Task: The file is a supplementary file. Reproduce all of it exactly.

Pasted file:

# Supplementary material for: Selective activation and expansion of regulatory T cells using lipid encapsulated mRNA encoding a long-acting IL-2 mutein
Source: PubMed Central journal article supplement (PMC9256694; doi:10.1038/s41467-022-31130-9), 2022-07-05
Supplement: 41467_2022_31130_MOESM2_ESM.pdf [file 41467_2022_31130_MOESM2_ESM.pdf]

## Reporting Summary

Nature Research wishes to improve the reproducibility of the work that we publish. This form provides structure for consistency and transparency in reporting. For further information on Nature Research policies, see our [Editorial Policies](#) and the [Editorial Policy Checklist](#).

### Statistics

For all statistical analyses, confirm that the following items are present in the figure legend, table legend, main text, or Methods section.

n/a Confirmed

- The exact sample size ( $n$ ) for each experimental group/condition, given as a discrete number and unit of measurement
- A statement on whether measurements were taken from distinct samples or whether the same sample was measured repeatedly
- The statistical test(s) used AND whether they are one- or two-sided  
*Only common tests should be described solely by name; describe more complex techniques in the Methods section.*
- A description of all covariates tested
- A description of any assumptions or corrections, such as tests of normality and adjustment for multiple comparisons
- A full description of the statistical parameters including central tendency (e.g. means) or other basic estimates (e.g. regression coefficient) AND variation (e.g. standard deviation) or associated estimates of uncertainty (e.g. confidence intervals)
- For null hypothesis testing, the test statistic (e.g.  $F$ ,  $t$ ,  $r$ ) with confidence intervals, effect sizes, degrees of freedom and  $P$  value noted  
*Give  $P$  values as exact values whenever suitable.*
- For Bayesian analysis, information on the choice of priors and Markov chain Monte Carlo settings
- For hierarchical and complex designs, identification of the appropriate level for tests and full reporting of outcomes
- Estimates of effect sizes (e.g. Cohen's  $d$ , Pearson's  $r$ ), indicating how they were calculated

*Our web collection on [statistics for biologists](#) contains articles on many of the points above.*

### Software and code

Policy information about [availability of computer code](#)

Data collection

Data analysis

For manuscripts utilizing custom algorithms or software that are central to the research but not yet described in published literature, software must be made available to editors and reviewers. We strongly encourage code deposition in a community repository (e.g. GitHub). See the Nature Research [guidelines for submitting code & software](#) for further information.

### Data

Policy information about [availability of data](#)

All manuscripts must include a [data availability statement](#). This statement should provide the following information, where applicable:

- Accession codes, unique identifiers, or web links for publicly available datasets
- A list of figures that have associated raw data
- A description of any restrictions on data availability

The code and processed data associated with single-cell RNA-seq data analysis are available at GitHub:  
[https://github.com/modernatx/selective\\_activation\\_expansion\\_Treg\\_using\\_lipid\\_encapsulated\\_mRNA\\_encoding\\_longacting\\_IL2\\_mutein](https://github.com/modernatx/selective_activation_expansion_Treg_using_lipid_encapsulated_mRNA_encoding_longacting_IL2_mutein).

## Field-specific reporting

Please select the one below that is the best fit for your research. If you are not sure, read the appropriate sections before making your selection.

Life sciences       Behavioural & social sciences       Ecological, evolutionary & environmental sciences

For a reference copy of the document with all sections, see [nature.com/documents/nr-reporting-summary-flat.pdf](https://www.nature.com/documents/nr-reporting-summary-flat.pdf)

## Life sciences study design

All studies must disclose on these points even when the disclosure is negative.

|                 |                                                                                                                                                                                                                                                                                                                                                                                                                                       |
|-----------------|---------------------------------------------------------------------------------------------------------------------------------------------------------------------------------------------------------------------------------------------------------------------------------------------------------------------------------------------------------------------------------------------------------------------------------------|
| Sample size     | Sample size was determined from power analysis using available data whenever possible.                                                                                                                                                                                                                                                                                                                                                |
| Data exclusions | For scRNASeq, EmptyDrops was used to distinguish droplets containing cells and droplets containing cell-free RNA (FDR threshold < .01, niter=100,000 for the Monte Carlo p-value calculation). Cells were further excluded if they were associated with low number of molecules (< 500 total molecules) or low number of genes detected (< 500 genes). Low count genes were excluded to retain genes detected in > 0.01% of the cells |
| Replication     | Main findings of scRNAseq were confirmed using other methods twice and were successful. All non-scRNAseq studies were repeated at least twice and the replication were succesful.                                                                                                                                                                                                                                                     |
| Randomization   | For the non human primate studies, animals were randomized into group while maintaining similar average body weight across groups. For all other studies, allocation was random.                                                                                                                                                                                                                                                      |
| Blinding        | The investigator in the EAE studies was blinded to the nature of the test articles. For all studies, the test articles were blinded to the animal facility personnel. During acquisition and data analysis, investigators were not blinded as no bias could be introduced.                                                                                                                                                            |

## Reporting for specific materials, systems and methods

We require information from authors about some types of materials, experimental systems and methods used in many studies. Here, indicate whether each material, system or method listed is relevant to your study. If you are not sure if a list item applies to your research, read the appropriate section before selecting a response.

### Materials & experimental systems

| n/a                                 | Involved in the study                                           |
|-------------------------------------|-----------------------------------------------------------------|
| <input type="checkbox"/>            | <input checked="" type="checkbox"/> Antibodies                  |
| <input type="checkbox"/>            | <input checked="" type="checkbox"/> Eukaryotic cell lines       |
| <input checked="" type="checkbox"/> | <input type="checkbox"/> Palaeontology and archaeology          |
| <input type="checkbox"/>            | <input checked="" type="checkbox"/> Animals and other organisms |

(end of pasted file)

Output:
# Supplementary material for: Selective activation and expansion of regulatory T cells using lipid encapsulated mRNA encoding a long-acting IL-2 mutein
Source: PubMed Central journal article supplement (PMC9256694; doi:10.1038/s41467-022-31130-9), 2022-07-05
Supplement: 41467_2022_31130_MOESM2_ESM.pdf [file 41467_2022_31130_MOESM2_ESM.pdf]

## Reporting Summary

Nature Research wishes to improve the reproducibility of the work that we publish. This form provides structure for consistency and transparency in reporting. For further information on Nature Research policies, see our [Editorial Policies](#) and the [Editorial Policy Checklist](#).

### Statistics

For all statistical analyses, confirm that the following items are present in the figure legend, table legend, main text, or Methods section.

n/a Confirmed

- The exact sample size ( $n$ ) for each experimental group/condition, given as a discrete number and unit of measurement
- A statement on whether measurements were taken from distinct samples or whether the same sample was measured repeatedly
- The statistical test(s) used AND whether they are one- or two-sided  
*Only common tests should be described solely by name; describe more complex techniques in the Methods section.*
- A description of all covariates tested
- A description of any assumptions or corrections, such as tests of normality and adjustment for multiple comparisons
- A full description of the statistical parameters including central tendency (e.g. means) or other basic estimates (e.g. regression coefficient) AND variation (e.g. standard deviation) or associated estimates of uncertainty (e.g. confidence intervals)
- For null hypothesis testing, the test statistic (e.g.  $F$ ,  $t$ ,  $r$ ) with confidence intervals, effect sizes, degrees of freedom and  $P$  value noted  
*Give  $P$  values as exact values whenever suitable.*
- For Bayesian analysis, information on the choice of priors and Markov chain Monte Carlo settings
- For hierarchical and complex designs, identification of the appropriate level for tests and full reporting of outcomes
- Estimates of effect sizes (e.g. Cohen's  $d$ , Pearson's  $r$ ), indicating how they were calculated

*Our web collection on [statistics for biologists](#) contains articles on many of the points above.*

### Software and code

Policy information about [availability of computer code](#)

Data collection

Data analysis

For manuscripts utilizing custom algorithms or software that are central to the research but not yet described in published literature, software must be made available to editors and reviewers. We strongly encourage code deposition in a community repository (e.g. GitHub). See the Nature Research [guidelines for submitting code & software](#) for further information.

### Data

Policy information about [availability of data](#)

All manuscripts must include a [data availability statement](#). This statement should provide the following information, where applicable:

- Accession codes, unique identifiers, or web links for publicly available datasets
- A list of figures that have associated raw data
- A description of any restrictions on data availability

The code and processed data associated with single-cell RNA-seq data analysis are available at GitHub:  
[https://github.com/modernatx/selective\\_activation\\_expansion\\_Treg\\_using\\_lipid\\_encapsulated\\_mRNA\\_encoding\\_longacting\\_IL2\\_mutein](https://github.com/modernatx/selective_activation_expansion_Treg_using_lipid_encapsulated_mRNA_encoding_longacting_IL2_mutein).

## Field-specific reporting

Please select the one below that is the best fit for your research. If you are not sure, read the appropriate sections before making your selection.

Life sciences       Behavioural & social sciences       Ecological, evolutionary & environmental sciences

For a reference copy of the document with all sections, see [nature.com/documents/nr-reporting-summary-flat.pdf](https://www.nature.com/documents/nr-reporting-summary-flat.pdf)

## Life sciences study design

All studies must disclose on these points even when the disclosure is negative.

|                 |                                                                                                                                                                                                                                                                                                                                                                                                                                       |
|-----------------|---------------------------------------------------------------------------------------------------------------------------------------------------------------------------------------------------------------------------------------------------------------------------------------------------------------------------------------------------------------------------------------------------------------------------------------|
| Sample size     | Sample size was determined from power analysis using available data whenever possible.                                                                                                                                                                                                                                                                                                                                                |
| Data exclusions | For scRNASeq, EmptyDrops was used to distinguish droplets containing cells and droplets containing cell-free RNA (FDR threshold < .01, niter=100,000 for the Monte Carlo p-value calculation). Cells were further excluded if they were associated with low number of molecules (< 500 total molecules) or low number of genes detected (< 500 genes). Low count genes were excluded to retain genes detected in > 0.01% of the cells |
| Replication     | Main findings of scRNAseq were confirmed using other methods twice and were successful. All non-scRNAseq studies were repeated at least twice and the replication were succesful.                                                                                                                                                                                                                                                     |
| Randomization   | For the non human primate studies, animals were randomized into group while maintaining similar average body weight across groups. For all other studies, allocation was random.                                                                                                                                                                                                                                                      |
| Blinding        | The investigator in the EAE studies was blinded to the nature of the test articles. For all studies, the test articles were blinded to the animal facility personnel. During acquisition and data analysis, investigators were not blinded as no bias could be introduced.                                                                                                                                                            |

## Reporting for specific materials, systems and methods

We require information from authors about some types of materials, experimental systems and methods used in many studies. Here, indicate whether each material, system or method listed is relevant to your study. If you are not sure if a list item applies to your research, read the appropriate section before selecting a response.

### Materials & experimental systems

| n/a                                 | Involved in the study                                           |
|-------------------------------------|-----------------------------------------------------------------|
| <input type="checkbox"/>            | <input checked="" type="checkbox"/> Antibodies                  |
| <input type="checkbox"/>            | <input checked="" type="checkbox"/> Eukaryotic cell lines       |
| <input checked="" type="checkbox"/> | <input type="checkbox"/> Palaeontology and archaeology          |
| <input type="checkbox"/>            | <input checked="" type="checkbox"/> Animals and other organisms |